Monday, March 30, 2009
"State of Clay" opens with a crowd
I said the same thing about the opening of the Cape Cod Potters show in Dennis a month ago - it's great to see so many people come out to see clay. This time it was the sixth "The State of Clay" biennial at the Lexington Arts and Crafts Society in Lexington. So many people crowded into the Society's gallery that it was very difficult to spend any contemplative time with the work. But that is not a complaint.
This year's show is - as the others have been - a mix of work. It leans a bit toward the sculptural side of things, but the functional is not at all lost in the color, funk and flash of the rest of it. Juror Jim Lawton did a good job of winnowing almost 300 submissions from 106 makers down to 76 pieces. Jim elbowed his way back and forth across the room to talk about the show and to point out the virtues of the winners of a few juror's prizes along the way.
There were lots of potters there on a cold and rainy Sunday, including a few of us up from Cape Cod for the day. Craig Brodt and his family were there, his daughters Olivia and Caroline paying close attention to their father's explanation of carbon-trapping. And Frances Johnson, who fires her work in Chris Gustin's South Dartmouth kiln, was there to see her sculptural Shino vase ("Spiral Series 5") get pride of place high above the rest of the pots on one table display. Frances brought her mother Jean, a fine painter, and stepfather Dave, a storyteller and woodcarver, along with her.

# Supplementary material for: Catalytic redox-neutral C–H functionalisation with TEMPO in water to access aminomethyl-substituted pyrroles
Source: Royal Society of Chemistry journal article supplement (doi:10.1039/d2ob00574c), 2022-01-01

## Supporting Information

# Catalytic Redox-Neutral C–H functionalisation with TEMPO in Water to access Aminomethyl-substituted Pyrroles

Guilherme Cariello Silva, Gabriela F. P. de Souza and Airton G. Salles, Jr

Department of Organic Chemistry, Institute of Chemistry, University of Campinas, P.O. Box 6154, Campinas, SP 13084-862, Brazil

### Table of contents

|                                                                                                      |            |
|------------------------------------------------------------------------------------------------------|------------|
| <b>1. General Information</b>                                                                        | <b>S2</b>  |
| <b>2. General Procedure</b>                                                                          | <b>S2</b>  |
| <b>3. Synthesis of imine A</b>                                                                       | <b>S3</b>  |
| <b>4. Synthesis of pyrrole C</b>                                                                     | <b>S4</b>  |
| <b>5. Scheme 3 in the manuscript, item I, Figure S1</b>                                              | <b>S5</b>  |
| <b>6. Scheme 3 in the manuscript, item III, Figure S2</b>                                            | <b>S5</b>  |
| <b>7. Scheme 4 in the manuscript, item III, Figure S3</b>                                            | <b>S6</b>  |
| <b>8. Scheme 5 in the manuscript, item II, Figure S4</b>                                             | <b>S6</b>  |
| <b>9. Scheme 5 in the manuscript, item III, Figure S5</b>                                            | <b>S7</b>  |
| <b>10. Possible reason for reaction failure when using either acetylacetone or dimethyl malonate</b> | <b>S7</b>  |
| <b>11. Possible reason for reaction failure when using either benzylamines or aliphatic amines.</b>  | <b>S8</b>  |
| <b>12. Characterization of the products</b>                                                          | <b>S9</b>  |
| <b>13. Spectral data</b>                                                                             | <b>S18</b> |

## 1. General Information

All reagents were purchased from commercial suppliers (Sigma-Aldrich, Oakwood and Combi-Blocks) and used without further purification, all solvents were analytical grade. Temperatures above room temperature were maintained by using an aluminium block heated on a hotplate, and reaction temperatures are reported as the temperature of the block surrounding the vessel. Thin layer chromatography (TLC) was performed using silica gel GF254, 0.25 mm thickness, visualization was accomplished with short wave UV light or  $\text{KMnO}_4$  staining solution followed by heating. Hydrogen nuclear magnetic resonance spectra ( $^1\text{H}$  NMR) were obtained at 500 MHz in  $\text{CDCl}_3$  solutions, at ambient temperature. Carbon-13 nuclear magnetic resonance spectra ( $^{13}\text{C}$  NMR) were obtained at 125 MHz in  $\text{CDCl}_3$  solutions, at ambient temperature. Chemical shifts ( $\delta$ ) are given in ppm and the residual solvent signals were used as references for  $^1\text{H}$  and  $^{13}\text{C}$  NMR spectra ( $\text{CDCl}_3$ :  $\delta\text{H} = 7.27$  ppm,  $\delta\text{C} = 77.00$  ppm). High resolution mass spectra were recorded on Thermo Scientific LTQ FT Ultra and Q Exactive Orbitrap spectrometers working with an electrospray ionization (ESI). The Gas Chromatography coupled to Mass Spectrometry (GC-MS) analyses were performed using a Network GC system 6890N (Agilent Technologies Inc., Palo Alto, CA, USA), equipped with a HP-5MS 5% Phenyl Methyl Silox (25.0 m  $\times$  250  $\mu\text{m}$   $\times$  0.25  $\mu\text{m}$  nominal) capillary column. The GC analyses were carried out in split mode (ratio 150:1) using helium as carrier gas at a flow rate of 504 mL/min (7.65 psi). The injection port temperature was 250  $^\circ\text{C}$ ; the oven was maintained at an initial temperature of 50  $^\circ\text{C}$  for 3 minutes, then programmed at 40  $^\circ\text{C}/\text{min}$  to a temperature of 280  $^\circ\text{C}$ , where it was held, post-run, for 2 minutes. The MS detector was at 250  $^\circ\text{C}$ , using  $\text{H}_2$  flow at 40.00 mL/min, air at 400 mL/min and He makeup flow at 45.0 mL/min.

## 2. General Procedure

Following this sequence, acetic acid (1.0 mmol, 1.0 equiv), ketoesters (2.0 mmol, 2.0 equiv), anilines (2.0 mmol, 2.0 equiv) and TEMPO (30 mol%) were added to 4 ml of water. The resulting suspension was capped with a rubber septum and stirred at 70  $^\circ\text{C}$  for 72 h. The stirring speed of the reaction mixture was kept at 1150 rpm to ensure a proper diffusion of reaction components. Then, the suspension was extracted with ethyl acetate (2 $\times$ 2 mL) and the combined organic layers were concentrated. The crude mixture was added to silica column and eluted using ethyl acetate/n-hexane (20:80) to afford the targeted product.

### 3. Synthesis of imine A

My friend and former magazine co-worker Susan Elena Esquivel of Western Mass. was not there in person, but was represented by her wall piece "Lunar Abstract Diptych," a photo of which is above this text. Also among the photos here: "Woman With Beads," by Claudia Olds Goldie; "Tea Box," by John Bennard; "Good Enough," by Molly Cantor; "Carnival," by Diane Sullivan; "Jungle Trees," by Jeanne Garrison.
Color photographs of all pieces in the show will be up soon on the Society's website. See the item below this one for the website address.
Now I have to figure out how to get up there to see the show without 300 other people milling around.